Background: Chronic low-grade inflammation reflects a subclinical immune response implicated in the pathogenesis of complex diseases. Identifying genetic loci where DNA methylation is associated with chronic low-grade inflammation may reveal novel pathways or therapeutic targets for inflammation.

Results: We performed a meta-analysis of epigenome-wide association studies (EWAS) of serum C-reactive protein (CRP), which is a sensitive marker of low-grade inflammation, in a large European population (n = 8863) and trans-ethnic replication in African Americans (n = 4111). We found differential methylation at 218 CpG sites to be associated with CRP (P < 1.15 × 10–7) in the discovery panel of European ancestry and replicated (P < 2.29 × 10–4) 58 CpG sites (45 unique loci) among African Americans. To further characterize the molecular and clinical relevance of the findings, we examined the association with gene expression, genetic sequence variants, and clinical outcomes. DNA methylation at nine (16%) CpG sites was associated with whole blood gene expression in cis (P < 8.47 × 10–5), ten (17%) CpG sites were associated with a nearby genetic variant (P < 2.50 × 10–3), and 51 (88%) were also associated with at least one related cardiometabolic entity (P < 9.58 × 10–5). An additive weighted score of replicated CpG sites accounted for up to 6% inter-individual variation (R2) of age-adjusted and sex-adjusted CRP, independent of known CRP-related genetic variants.

Conclusion: We have completed an EWAS of chronic low-grade inflammation and identified many novel genetic loci underlying inflammation that may serve as targets for the development of novel therapeutic interventions for inflammation.

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Published in Genome Biology, v. 17, 255, p. 1-15.

© The Author(s). 2016

This article is distributed under the terms of the Creative Commons Attribution 4.0 International License (http://creativecommons.org/licenses/by/4.0/), which permits unrestricted use, distribution, and reproduction in any medium, provided you give appropriate credit to the original author(s) and the source, provide a link to the Creative Commons license, and indicate if changes were made. The Creative Commons Public Domain Dedication waiver (http://creativecommons.org/publicdomain/zero/1.0/) applies to the data made available in this article, unless otherwise stated.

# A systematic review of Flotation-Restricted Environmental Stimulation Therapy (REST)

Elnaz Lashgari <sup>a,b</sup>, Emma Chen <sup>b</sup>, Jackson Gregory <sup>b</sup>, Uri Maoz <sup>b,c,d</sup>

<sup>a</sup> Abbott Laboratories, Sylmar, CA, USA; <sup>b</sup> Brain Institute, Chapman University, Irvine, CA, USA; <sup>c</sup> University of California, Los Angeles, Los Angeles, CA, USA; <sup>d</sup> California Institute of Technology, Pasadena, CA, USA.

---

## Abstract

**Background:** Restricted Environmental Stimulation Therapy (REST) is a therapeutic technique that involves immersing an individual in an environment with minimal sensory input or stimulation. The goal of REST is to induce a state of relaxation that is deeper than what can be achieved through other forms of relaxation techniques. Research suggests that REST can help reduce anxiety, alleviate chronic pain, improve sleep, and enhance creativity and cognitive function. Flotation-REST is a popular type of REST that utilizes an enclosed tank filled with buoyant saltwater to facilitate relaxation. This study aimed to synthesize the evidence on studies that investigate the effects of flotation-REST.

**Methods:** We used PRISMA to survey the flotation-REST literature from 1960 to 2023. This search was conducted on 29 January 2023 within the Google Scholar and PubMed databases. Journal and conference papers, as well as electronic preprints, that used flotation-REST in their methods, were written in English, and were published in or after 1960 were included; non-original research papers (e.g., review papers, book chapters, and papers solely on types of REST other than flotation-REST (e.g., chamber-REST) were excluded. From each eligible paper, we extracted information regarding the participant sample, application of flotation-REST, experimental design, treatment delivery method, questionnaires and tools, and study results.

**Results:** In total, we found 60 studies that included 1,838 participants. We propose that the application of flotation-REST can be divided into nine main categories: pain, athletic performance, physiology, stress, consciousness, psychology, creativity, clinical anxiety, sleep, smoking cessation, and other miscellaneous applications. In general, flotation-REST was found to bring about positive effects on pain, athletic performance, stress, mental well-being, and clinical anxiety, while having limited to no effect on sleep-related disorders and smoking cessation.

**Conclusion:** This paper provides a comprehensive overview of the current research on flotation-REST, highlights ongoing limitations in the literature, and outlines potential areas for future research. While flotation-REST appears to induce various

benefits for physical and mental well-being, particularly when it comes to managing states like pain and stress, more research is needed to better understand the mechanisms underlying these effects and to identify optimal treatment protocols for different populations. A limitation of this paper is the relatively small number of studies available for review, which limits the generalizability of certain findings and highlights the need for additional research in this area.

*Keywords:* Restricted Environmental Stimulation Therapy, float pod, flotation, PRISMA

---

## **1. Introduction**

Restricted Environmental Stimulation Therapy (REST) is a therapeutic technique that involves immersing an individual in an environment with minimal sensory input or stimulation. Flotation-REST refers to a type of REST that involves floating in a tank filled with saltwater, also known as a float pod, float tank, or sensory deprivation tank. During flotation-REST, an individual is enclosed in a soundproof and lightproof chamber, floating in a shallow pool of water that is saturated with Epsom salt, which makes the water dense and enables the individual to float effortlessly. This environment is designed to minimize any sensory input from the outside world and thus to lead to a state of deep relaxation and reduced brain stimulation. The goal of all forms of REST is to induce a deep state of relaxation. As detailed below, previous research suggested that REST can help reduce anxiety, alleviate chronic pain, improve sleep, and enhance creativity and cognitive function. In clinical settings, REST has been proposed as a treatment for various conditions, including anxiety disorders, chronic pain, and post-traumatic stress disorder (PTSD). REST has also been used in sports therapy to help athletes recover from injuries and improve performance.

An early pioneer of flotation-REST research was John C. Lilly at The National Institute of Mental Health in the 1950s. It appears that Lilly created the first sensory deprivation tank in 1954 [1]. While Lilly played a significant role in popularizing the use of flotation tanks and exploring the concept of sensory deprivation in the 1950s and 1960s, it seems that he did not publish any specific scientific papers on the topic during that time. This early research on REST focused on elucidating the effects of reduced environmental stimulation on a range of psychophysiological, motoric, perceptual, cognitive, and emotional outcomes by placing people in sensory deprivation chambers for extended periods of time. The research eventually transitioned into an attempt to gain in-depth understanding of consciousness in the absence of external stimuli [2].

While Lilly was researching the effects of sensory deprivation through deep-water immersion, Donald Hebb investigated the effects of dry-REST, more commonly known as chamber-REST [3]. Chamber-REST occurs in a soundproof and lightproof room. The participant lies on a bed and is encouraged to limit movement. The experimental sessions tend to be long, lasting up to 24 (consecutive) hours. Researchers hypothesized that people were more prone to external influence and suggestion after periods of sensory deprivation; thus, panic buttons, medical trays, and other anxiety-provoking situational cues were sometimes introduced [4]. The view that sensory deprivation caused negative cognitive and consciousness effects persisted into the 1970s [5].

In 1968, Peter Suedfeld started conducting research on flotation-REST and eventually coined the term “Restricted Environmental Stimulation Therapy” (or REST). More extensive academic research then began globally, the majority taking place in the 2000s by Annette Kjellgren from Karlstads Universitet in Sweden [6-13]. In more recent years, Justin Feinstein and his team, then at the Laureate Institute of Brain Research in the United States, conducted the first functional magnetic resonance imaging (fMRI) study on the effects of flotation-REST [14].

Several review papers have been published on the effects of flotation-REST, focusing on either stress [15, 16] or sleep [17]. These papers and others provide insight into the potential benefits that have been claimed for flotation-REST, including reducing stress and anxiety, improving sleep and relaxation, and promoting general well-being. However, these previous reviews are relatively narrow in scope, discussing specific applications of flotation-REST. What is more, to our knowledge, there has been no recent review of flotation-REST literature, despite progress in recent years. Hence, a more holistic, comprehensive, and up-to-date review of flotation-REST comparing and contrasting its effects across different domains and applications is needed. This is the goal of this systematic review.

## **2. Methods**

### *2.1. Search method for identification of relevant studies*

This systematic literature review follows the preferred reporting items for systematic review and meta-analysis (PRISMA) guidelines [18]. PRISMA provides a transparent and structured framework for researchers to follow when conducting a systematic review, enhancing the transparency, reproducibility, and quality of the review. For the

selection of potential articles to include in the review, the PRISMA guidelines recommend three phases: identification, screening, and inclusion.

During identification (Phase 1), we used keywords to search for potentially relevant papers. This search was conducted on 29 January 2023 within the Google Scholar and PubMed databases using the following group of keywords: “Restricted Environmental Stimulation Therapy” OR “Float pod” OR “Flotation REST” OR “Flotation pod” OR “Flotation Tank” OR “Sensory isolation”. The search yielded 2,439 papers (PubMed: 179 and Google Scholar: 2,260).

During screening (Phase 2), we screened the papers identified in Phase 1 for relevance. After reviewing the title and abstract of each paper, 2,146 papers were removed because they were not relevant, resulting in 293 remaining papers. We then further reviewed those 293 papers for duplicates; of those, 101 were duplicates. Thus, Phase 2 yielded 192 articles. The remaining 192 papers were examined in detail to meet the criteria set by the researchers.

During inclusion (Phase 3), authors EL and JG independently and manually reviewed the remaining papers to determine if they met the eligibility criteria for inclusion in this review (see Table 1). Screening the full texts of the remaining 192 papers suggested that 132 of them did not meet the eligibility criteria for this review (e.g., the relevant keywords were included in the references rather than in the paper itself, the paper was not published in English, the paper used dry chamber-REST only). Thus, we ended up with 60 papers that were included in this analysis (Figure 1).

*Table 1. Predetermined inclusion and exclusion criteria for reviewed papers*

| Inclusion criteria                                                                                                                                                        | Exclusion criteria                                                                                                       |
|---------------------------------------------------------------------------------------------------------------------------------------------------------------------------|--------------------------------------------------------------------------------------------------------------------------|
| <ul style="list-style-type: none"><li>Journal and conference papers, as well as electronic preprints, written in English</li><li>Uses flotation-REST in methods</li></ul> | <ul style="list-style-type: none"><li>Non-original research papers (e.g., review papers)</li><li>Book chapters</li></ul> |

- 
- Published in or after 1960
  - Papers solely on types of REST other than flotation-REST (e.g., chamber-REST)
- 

Due to the large number of funding sources, only the first few are listed in this section. For the complete list of funding sources, please download this article.

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The Atherosclerosis Risk in Communities (ARIC) study is carried out as a collaborative study supported by the National Heart, Lung, and Blood Institute (NHLBI) contracts (HHSN268201100005C, HHSN268201100006C, HHSN268201100007C, HHSN268201100008C, HHSN268201100009C, HHSN268201100010C, HHSN268201100011C, and HHSN268201100012C). Funding support for “Building on GWAS for NHLBI-diseases: the U.S. CHARGE consortium” was provided by the National Institutes of Health (NIH) through the American Recovery and Reinvestment Act of 2009 (ARRA) (5RC2HL102419).

Due to the large number of funding resources, only the first section of funding information is listed in the section above. For the complete list of funding resources, please download this article.

Related Content

The DNA methylation datasets analyzed during the current study are available at the following public repositories: dbGAP (FHS: phs000724.v5.p10; GOLDN: phs000741.v1.p1; NAS: phs000853.v1.p1; WHI: phs000200.v10.p3), GEO (GTP: GSE72680), and EGA (LBC: EGAS00001000910). The DNA methylation dataset from ARIC is available on request at https://www2.cscc.unc.edu/aric/distribution-agreements; the CHS data can be requested at https://chs-nhlbi.org/node/6222; for the EPIC data contact Ken K. Ong (Ken.Ong@mrc-epid.cam.ac.uk); EPICOR data are available upon request from HuGeF (http://www.hugef-torino.org/) by means of a project agreement. Requests should be sent to info@hugef-torino.org; for the GENOA data contact Sharon L.R. Kardia (skardia@umich.edu) and Jennifer A. Smith (smjenn@umich.edu); the InCHIANTI data are available on request at http://inchiantistudy.net/wp/inchianti-dataset/; the KORA data can be requested at KORA-gen (http://www.helmholtz-muenchen.de/kora-gen); for the RS data, request at http://www.epib.nl/research/ergo.htm or contact M. Arfan Ikram (m.a.ikram@erasmusmc.nl). The genotype and expression datasets from the FHS are available in the dbGAP repository (phs000724.v5.p10, phs000363.v15.p10). The gene expression dataset from the GTP, InCHIANTI, and RS are available in the GEO repository (GSE58137, GSE48152, and GSE33828). The source codes used for the analysis are available to download from https://github.com/sligthart/EWAS-CRP and deposited at Zenodo.org under doi:10.5281/zenodo.166797.

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